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Secretary of State Mike Pompeo has accused China of a cover-up during the early days of COVID-19, the latest in the U.S. rhetorical pressure campaign. China has pushed back, launching an information war that included conspiracy theories and highly publicized sales of medical equipment to other countries -- including the U.S. Nick Schifrin reports on the roiling confrontation.
Today, Secretary of State Mike Pompeo accused China of a cover-up during the early days of the outbreak.
It is the latest in a rhetorical pressure campaign on China throughout this crisis. China has pushed back, launching an information war that has included conspiracy theories and highly publicized sales of medical equipment to other countries, including the United States.
Nick Schifrin reports on the battle to control the narrative and the blame for COVID-19.
In the European epicenter of the COVID-19 outbreak, the cavalry was Chinese. This is Chinese television showing Chinese doctors and Chinese medical equipment arriving in Lombardy in hard-hit Northern Italy.
Fabrizio Sala (through translator):
The donations from China are what we urgently need, which can save many lives. I thank the Chinese people. Thank you.
The Chinese government says it has exported more than three billion masks, three million test kits, including to the Philippines.
Nigeria held a press conference to show off its Chinese aid. And Venezuela showcased its Chinese arrival on state TV on March 28. By that time, China was past its peak, and was trying to help countries in the middle of their peaks, said one of Chinese state television's top international anchors, Zou Yue.
It is time to think in the framework of a shared human community.
But shared community didn't mean free. Italy had to buy Chinese equipment, after it had earlier donated supplies to China.
Spain's prime minister announced publicly the Chinese tests it received were defective. The U.K. admitted Chinese tests it received didn't work. And the U.S. called China's mask diplomacy an effort to mask culpability, as Secretary of State Mike Pompeo reiterated today.
Secretary Mike Pompeo:
China didn't share all of the information it had. Instead, it covered up how dangerous the disease is. It didn't report sustained human-to-human transmission for a month, until it was in every province inside of China.
The U.S. accuses China of a pattern of deception beginning in December, when Wuhan's central hospital doctors realized the pneumonia they'd been treating wasn't normal.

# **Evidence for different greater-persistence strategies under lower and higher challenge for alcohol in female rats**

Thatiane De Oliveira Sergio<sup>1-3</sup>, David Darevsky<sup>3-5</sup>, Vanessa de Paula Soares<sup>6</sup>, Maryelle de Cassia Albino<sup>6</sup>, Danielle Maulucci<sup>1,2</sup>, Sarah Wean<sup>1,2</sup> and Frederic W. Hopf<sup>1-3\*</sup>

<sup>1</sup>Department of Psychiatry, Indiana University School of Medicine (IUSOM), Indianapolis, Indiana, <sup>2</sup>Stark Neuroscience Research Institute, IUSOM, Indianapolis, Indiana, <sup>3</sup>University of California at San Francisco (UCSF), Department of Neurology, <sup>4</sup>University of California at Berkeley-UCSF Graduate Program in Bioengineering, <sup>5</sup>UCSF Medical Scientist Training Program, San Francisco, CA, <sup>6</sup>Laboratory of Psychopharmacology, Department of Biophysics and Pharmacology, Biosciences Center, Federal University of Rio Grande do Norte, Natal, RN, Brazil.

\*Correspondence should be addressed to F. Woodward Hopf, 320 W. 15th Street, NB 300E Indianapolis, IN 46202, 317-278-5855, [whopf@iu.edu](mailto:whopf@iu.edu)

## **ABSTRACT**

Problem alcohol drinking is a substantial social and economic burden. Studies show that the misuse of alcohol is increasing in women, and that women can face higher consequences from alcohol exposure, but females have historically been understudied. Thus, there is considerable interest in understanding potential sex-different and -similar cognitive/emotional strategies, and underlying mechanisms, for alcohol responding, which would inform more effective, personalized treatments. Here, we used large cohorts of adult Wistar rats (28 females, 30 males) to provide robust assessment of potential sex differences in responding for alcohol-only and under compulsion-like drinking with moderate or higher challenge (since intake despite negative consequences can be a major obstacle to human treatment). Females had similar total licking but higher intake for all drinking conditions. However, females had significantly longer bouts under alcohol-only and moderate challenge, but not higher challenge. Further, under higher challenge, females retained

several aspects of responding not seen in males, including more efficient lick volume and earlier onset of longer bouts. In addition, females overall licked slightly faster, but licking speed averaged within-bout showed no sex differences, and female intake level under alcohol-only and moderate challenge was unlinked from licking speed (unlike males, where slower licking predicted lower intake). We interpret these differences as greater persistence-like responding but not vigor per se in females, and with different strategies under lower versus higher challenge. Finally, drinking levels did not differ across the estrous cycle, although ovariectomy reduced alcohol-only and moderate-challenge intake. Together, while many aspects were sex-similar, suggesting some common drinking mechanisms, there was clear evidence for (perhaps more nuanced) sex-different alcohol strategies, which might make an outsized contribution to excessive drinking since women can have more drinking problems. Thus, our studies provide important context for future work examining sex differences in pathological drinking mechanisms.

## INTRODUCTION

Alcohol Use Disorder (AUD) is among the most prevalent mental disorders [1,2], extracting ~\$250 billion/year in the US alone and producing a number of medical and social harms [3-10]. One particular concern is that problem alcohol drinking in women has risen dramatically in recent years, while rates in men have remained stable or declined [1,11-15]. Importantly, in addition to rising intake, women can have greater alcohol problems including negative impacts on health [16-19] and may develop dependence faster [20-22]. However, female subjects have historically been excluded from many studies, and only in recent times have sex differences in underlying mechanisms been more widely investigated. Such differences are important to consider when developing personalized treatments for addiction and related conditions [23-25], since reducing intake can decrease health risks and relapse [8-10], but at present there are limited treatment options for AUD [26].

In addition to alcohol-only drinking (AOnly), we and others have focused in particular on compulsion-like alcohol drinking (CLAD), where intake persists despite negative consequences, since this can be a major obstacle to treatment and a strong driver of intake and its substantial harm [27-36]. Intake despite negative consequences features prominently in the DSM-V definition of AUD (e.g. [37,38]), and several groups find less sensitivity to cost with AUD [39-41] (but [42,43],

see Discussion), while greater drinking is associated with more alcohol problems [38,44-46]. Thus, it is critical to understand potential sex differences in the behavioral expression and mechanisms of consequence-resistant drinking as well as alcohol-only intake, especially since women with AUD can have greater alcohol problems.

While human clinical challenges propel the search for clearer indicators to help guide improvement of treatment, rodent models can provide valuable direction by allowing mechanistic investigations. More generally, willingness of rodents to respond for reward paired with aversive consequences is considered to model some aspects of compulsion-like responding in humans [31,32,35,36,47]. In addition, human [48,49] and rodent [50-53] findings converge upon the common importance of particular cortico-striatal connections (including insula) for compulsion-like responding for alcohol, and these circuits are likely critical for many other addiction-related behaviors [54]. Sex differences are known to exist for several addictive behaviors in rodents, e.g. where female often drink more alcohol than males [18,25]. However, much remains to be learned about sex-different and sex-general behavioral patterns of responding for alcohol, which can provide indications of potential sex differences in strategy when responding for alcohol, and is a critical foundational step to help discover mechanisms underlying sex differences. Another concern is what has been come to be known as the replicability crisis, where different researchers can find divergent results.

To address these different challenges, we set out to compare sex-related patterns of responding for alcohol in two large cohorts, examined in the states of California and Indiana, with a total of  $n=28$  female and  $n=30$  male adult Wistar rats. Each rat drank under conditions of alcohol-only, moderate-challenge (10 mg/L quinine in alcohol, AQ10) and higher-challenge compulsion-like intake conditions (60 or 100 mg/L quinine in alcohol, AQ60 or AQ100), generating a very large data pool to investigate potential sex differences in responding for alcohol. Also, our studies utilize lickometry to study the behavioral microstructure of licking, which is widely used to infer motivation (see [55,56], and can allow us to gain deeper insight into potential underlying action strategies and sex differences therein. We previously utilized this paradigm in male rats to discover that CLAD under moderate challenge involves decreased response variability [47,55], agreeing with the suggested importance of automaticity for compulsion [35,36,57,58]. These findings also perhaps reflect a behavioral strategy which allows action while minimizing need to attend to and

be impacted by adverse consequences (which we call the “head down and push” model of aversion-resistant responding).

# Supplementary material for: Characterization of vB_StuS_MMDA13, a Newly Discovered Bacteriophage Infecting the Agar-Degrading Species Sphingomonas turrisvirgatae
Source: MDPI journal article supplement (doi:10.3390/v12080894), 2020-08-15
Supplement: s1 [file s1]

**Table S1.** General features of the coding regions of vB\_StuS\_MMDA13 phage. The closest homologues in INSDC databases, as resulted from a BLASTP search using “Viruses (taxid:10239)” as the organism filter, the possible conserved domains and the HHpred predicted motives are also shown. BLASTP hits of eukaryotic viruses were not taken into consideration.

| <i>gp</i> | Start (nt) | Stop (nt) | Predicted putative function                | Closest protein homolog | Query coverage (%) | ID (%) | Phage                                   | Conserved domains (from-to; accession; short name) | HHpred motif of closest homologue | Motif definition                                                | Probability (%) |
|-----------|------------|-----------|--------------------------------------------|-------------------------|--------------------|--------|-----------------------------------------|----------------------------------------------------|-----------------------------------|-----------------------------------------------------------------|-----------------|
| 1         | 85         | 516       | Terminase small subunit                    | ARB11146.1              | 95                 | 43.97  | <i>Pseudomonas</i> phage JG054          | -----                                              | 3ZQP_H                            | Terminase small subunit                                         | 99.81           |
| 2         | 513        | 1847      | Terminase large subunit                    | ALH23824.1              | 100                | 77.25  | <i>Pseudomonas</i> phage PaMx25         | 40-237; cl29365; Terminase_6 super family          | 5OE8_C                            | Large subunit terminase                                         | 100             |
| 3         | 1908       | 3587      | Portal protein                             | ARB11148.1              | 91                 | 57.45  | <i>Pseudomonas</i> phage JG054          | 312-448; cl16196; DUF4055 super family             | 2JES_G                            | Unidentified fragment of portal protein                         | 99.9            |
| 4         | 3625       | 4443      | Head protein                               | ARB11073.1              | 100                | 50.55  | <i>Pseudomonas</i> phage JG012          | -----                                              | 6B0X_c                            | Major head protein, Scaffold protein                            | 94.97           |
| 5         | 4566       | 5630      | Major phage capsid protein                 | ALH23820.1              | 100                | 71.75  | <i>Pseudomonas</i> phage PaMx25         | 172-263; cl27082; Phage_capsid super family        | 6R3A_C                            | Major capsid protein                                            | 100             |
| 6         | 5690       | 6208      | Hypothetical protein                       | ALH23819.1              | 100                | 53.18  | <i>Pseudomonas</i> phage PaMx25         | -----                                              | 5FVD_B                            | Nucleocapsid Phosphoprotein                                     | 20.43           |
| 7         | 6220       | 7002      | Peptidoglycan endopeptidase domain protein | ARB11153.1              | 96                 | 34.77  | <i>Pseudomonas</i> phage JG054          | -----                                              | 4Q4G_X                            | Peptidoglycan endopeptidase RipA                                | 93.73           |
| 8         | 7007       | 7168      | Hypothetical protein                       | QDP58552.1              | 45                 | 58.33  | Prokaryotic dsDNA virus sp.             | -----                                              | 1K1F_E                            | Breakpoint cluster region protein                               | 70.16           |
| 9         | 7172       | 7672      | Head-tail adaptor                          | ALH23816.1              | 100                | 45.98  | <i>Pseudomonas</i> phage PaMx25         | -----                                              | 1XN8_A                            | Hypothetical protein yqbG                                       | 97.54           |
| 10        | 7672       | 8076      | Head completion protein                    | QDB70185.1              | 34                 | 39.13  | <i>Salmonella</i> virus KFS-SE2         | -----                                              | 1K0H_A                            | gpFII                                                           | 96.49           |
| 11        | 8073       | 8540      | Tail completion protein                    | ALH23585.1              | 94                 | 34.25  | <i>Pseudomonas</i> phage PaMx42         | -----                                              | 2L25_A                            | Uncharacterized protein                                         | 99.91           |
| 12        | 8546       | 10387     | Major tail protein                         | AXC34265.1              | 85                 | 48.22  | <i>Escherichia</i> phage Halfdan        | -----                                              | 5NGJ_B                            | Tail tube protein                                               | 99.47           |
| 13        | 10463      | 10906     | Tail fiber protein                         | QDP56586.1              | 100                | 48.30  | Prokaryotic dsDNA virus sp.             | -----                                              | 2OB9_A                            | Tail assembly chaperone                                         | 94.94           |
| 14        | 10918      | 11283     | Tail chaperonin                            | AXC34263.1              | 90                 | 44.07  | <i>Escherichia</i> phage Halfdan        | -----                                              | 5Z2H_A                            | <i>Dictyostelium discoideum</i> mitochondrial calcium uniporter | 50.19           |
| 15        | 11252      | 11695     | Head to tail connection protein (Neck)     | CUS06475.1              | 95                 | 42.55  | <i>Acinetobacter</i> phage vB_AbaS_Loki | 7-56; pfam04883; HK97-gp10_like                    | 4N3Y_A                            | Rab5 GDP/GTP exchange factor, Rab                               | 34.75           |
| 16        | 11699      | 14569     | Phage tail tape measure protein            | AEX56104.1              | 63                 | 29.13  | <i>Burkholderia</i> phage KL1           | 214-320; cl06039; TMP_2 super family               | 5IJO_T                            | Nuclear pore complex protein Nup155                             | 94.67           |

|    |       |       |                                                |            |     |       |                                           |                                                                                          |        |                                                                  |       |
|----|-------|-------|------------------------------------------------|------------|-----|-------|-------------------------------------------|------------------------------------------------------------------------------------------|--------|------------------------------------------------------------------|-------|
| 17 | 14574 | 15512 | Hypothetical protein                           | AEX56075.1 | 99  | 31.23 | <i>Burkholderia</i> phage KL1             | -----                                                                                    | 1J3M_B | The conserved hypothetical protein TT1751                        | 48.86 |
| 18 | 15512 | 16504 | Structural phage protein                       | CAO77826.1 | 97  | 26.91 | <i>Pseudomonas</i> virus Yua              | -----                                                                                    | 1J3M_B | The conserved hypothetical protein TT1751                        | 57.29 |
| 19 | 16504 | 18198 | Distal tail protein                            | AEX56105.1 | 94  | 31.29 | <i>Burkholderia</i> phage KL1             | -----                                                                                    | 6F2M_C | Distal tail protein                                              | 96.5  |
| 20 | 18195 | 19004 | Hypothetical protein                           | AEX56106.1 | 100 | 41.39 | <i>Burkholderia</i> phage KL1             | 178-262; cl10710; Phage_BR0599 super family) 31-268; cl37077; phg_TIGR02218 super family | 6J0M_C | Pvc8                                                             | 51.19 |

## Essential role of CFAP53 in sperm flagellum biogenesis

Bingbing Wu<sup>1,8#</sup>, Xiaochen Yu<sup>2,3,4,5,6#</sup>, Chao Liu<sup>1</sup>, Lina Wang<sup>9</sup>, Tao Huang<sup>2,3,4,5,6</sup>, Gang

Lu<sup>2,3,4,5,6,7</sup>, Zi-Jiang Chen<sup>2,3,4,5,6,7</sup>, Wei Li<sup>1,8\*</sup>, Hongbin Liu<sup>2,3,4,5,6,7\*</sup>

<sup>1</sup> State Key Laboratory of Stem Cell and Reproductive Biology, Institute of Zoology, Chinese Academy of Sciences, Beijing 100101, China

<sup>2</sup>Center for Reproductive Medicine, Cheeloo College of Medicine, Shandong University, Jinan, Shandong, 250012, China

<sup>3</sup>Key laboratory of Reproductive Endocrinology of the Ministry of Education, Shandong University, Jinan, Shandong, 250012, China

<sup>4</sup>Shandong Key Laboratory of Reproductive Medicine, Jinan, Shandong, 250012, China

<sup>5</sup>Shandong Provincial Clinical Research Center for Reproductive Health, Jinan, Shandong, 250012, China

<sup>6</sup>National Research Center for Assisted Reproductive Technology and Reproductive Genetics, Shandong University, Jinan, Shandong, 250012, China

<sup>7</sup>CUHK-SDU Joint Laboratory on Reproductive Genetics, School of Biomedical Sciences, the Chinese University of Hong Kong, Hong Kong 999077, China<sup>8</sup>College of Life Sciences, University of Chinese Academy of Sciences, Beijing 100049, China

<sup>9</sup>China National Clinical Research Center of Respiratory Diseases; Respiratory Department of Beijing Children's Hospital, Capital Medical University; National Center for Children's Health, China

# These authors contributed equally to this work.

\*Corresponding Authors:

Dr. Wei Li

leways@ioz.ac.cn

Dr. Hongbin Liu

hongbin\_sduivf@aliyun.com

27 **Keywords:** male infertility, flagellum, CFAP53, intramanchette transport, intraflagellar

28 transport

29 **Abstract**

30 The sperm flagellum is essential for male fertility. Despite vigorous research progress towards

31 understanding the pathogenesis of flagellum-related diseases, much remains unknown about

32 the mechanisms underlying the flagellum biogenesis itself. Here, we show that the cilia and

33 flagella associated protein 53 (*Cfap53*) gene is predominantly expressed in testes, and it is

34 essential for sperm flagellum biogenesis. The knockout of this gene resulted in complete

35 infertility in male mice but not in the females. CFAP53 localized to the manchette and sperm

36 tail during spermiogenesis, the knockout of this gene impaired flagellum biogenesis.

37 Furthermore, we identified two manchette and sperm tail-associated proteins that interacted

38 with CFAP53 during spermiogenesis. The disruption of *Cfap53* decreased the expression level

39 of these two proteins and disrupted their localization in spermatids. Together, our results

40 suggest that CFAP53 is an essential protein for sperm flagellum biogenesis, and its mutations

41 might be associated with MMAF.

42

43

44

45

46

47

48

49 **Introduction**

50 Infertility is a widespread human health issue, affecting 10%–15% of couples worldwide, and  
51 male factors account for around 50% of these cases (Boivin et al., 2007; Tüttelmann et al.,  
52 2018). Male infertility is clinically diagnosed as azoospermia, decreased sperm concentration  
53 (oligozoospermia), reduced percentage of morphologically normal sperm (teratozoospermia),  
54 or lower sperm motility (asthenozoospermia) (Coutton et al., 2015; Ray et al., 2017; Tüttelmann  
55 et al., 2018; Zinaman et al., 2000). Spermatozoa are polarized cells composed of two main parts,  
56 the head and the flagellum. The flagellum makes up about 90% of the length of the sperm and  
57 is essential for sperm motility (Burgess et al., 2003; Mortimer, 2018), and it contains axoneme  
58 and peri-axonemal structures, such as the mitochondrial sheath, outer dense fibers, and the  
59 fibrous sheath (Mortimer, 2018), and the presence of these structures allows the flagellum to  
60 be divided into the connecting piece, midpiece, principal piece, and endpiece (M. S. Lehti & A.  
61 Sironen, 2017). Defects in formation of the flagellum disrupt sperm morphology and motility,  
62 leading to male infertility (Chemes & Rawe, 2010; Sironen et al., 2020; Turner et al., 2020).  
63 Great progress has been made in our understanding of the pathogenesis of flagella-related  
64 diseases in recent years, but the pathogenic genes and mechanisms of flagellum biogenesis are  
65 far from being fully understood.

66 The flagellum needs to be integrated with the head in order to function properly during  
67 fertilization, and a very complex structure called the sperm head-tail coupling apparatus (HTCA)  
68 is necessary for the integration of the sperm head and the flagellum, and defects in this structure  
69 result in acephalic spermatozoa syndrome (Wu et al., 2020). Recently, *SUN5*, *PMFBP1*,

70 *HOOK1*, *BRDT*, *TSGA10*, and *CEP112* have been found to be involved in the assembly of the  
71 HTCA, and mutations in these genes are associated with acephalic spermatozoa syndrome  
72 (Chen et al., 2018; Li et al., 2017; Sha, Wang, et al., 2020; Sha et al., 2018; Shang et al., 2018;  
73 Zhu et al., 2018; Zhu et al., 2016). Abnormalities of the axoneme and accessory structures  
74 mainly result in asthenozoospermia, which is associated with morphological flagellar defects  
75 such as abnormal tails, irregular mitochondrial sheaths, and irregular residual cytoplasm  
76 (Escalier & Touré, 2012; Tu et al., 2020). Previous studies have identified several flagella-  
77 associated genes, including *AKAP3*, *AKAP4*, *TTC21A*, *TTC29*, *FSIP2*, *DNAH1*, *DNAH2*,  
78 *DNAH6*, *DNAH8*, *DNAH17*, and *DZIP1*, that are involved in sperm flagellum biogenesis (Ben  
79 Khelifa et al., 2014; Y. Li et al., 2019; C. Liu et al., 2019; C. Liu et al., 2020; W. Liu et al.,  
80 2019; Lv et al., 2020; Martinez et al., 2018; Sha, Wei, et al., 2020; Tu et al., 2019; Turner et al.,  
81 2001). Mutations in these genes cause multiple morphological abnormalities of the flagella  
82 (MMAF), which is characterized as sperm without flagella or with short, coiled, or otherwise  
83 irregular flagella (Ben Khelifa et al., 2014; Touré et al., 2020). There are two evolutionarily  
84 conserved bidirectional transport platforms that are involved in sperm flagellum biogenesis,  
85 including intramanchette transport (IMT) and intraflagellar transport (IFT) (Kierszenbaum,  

They shared information with their relatives, their friends. They were asked to shut up.
Yanzhong Huang is the Council on Foreign Relations' senior fellow for global health.
In early January, already, the local government officials knew that some health care workers already got infected. And that was smoking gun evidence suggesting human-to-human transmission.
Dr. Ai Fen was the director of emergency medicine. On December the 30th, she told her medical school classmates she'd been treating a new coronavirus with apparent human-to-human transmission.
But the hospital rebuked her. On December 31, the city government further smothered her alarm, releasing a public notice: "The investigation so far has found no obvious person-to-person transmission."
And on New Year's Day, the local government ordered early virus samples destroyed and announced that rumors had spread about pneumonia, "causing adverse social impact." They detained the eight doctors whom Dr. Ai had told, including Dr. Li Wenliang, who would later become the symbol of China's crackdown.
Dr. Ai said she went home terrified, and told her husband: If something goes wrong, you can raise our child.
Why did local authorities apparently feel like they weren't supposed to share all of the information that they were gathering?
I think this has something to do with the political structure. And so, when you have a political structure that is so centralized, you know, that, when the top leader is making all the major decisions, that they essentially deny their local government officials any incentives to make any initiatives.
Wuhan's Mayor Zhou Xianwang admitted he wasn't allowed to speak openly about the outbreak.
Mayor Zhou Xianwang (through translator):
As the local government, I can only release the information when I'm authorized to do so.